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Fitness & Wellness, Group Fitness, Personal Training, PowerWatts, Small Group Training
Why High Intensity Interval Training?
February 23, 2018 | by Adam Wasylyshyn

HIIT, or High Intensity Interval Training is a hot topic when it comes to strength and conditioning

In this article we break down this style of training to highlight some of the key ways it can help you reach your health or sport-related goals.


The HIIT exercise method is repeated bursts of maximal or near-maximal effort separated by quick recovery periods. For example, instead of running 20 minutes at the same speed, you run for 10 minutes, alternating between one minute at a fast run, and 30 seconds at a light jog.

Though HIIT programs tend to be much shorter in duration than conventional workouts, don’t let this lead you to believe they are a short-cut to improvement. The intense nature of the sessions means that HIIT requires you to dig deep to achieve this training effect.

It’s also important to remember that no universal definition of HIIT exists. Strength and conditioning coaches prescribe versions and variations of HIIT depending on the program or the goals of the athlete in front of them.

So why HIIT over other forms of training? Here’s three benefits to consider:



Surprisingly, one of the types of athletes who benefit the most from this type of workout are endurance athletes. HIIT provides a time-effective method of improving conditioning that doesn’t involve longer 60+ minute bouts of training.

Research shows that short to medium duration efforts (30 seconds to a few minutes) are the most effective in training our body to work harder for longer. In technical terms, it improves our Lactate Threshold [LT] and Maximal Aerobic Power [MAP].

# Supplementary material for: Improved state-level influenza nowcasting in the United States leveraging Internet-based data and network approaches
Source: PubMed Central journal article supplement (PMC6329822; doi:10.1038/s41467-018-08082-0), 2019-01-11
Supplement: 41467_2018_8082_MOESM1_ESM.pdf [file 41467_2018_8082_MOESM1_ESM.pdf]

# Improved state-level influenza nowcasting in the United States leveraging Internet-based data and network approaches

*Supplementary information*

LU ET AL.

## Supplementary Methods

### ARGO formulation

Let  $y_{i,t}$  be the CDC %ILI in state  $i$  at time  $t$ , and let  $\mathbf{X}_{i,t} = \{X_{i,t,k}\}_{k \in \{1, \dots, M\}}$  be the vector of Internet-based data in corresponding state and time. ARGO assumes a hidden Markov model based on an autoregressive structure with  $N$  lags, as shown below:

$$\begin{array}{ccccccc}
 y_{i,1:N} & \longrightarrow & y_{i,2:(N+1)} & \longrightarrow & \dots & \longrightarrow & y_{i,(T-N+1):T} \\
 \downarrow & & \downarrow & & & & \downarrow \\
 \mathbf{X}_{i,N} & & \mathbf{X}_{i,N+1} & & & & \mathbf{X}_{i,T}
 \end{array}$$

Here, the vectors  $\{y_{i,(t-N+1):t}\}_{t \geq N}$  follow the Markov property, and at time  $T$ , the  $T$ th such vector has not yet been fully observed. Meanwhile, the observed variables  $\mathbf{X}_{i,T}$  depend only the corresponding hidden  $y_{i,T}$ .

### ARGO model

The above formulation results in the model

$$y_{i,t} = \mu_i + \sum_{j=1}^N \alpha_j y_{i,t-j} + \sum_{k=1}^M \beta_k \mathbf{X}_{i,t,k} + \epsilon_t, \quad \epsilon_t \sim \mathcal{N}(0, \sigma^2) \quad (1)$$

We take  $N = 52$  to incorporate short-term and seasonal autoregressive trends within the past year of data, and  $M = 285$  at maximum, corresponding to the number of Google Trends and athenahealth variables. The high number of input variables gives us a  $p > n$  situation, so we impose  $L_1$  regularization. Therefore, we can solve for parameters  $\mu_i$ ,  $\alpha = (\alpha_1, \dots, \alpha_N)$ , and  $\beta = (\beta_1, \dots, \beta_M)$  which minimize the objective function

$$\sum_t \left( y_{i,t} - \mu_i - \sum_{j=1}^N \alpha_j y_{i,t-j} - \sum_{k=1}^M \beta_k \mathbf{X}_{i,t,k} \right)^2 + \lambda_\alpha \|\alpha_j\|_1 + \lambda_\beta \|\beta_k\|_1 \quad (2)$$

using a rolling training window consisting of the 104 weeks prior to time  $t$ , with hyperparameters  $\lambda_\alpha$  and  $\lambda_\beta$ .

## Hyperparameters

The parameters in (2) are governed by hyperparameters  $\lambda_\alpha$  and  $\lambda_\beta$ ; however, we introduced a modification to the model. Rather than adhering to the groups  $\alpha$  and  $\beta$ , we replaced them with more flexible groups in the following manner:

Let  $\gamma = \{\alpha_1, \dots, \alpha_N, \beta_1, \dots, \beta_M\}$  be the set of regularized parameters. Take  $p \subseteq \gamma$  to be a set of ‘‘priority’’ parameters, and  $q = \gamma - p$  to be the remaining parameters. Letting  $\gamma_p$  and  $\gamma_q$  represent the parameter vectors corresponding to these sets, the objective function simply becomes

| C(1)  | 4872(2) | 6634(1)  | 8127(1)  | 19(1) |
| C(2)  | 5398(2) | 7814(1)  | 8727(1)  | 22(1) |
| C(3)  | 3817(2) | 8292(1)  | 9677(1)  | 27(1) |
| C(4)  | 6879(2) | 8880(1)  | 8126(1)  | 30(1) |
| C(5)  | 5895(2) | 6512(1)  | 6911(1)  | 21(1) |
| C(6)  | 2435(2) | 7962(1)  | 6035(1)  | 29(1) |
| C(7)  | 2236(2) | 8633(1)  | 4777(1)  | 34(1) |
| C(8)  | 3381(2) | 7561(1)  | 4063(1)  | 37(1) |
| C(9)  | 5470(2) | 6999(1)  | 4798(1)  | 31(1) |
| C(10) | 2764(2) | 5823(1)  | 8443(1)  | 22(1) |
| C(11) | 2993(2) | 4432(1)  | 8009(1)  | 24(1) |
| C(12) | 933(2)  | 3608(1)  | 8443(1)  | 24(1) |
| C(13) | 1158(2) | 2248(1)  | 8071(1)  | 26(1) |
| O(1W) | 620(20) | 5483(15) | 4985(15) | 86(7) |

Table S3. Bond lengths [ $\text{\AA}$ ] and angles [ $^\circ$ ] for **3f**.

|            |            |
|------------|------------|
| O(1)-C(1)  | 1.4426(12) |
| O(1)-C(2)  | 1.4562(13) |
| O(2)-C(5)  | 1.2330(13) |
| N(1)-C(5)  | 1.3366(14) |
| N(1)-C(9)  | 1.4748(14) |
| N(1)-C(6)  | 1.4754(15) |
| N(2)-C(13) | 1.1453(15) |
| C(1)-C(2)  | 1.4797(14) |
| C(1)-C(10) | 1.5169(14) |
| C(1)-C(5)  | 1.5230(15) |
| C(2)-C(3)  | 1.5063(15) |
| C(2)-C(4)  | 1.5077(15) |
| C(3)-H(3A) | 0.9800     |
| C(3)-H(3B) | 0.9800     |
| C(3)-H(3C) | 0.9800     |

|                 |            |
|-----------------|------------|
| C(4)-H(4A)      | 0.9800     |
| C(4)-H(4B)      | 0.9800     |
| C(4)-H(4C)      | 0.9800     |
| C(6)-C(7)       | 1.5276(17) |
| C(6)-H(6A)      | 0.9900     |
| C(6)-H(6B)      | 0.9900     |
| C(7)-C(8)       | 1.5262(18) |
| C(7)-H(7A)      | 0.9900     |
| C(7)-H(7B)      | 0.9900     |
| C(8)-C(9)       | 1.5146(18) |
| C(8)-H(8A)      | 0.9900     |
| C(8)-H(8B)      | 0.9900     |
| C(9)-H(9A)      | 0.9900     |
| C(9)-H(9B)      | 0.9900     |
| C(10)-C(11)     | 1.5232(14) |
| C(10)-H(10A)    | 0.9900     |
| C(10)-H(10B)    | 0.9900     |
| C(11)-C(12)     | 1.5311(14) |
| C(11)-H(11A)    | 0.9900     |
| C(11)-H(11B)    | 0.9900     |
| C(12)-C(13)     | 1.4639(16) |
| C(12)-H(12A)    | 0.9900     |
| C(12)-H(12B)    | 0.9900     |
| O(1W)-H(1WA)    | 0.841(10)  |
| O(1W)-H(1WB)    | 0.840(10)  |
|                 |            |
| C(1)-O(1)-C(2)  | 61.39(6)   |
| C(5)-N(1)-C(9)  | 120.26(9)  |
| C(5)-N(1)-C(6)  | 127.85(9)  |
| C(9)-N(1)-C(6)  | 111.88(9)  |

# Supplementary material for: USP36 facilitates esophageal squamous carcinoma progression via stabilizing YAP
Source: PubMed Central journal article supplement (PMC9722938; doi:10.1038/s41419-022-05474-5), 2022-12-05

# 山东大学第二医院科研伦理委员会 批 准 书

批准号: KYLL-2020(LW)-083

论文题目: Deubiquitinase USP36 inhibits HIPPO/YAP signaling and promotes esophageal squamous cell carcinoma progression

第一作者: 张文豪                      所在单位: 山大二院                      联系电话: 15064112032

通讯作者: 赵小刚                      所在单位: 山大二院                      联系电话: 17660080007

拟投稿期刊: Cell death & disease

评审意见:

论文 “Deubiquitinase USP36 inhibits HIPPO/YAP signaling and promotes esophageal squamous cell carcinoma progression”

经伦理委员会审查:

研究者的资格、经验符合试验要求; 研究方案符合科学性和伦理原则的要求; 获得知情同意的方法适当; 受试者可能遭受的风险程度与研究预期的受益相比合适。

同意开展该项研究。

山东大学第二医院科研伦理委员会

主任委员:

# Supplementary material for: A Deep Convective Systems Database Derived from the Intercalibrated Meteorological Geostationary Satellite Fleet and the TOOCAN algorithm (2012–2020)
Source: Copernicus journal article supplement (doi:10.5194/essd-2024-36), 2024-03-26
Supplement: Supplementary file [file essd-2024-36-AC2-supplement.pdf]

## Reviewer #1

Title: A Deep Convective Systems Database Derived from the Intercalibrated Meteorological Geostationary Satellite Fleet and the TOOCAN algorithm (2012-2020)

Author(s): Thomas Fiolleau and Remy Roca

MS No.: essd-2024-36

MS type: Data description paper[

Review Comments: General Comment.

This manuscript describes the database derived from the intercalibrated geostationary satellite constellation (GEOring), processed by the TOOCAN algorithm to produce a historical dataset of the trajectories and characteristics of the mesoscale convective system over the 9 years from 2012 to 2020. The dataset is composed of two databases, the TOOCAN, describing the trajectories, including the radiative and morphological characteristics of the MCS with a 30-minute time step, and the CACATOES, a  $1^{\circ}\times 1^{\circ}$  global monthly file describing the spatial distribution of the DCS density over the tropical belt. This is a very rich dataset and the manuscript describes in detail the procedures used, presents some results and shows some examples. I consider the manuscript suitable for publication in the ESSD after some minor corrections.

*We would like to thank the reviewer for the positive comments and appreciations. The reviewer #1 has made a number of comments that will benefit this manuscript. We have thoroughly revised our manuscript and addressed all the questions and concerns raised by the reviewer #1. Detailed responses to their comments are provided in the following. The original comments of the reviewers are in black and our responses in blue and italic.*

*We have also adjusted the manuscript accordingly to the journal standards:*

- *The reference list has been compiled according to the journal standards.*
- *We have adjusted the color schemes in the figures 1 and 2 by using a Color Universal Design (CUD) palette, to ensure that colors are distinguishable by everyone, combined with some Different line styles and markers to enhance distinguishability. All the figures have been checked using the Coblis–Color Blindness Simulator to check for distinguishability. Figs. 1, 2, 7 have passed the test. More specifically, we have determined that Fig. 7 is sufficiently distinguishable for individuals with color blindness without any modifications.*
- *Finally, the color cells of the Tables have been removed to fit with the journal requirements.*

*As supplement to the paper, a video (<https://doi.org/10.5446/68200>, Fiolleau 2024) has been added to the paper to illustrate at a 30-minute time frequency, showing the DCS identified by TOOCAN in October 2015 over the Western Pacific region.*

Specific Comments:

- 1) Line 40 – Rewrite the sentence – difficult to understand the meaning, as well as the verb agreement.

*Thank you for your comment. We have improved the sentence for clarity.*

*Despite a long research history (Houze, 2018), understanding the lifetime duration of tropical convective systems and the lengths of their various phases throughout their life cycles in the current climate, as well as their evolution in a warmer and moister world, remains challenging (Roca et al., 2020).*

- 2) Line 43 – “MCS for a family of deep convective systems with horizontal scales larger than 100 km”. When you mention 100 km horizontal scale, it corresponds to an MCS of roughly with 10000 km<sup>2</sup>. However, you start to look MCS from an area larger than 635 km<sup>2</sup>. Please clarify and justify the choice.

For example, cyclists never ride at exactly the same pace the entire time. There are many occasions you dig deep in the “energy tank” to keep the pace of the group, pass an opponent, or get up that hill, leaving you with less power at the end. HIIT helps your body to build up that power supply for use during these high intensity bursts, so you have more energy and stamina throughout the race.

Our PowerWatts™ indoor cycling sessions focus primarily on HIIT training for exactly this reason. We incorporate a lot of variations of HIIT, with proper progression, in a small group environment, for maximum training efficiency (and fun!).



For sports like soccer or football that are characterized by repeated all-out sprints, it’s no surprise that HIIT training helps the body to shorten the time needed to recover during game play.

For example, over time HIIT with short sprints, and quick recovery, will allow an athlete to build up their stamina, training the body to recover faster. This translates directly onto the field of play.



For those in weight-class sports such as wrestling and weightlifting, HIIT has also been shown to be a potent tool for body fat loss, and can be used to help achieve one’s body composition goals.

In simple terms, our body has three main energy sources (carbs, fat and protein). Our body primarily uses carbohydrate stores to fuel quick, high-intensity exercise, and fat stores to fuel longer bouts of low intensity exercise. So why not just work at a lower intensity for longer, you wonder?

During prolonged high intensity exercise (like HIIT) we can quickly burn through our carbohydrate stores, meaning our body starts burning fat for energy. After an intense work out, our body also needs more energy to recover. This means we burn fat throughout, but also long after the workout is complete.



As you can see, whether you are looking to break through a training plateau or are new to an exercise routine, HIIT has a place in everyone’s training program.

New to the Training Centre? Stop by the front desk or call us at 604.292.2502 to schedule a complimentary consultation with a Strength & Conditioning coach on how HIIT can be incorporated into your program. See you in the Training Centre!



Gibala, M. J., & McGee, S. L. (2008). Metabolic adaptations to short-term high-intensity interval training: a little pain for a lot of gain?. Exercise and sport sciences reviews36(2), 58-63.

Tomlin, D. L., & Wenger, H. A. (2001). The relationship between aerobic fitness and recovery from high intensity intermittent exercise. Sports Medicine31(1), 1-11.

Boutcher, S. H. (2010). High-intensity intermittent exercise and fat loss. Journal of obesity2011.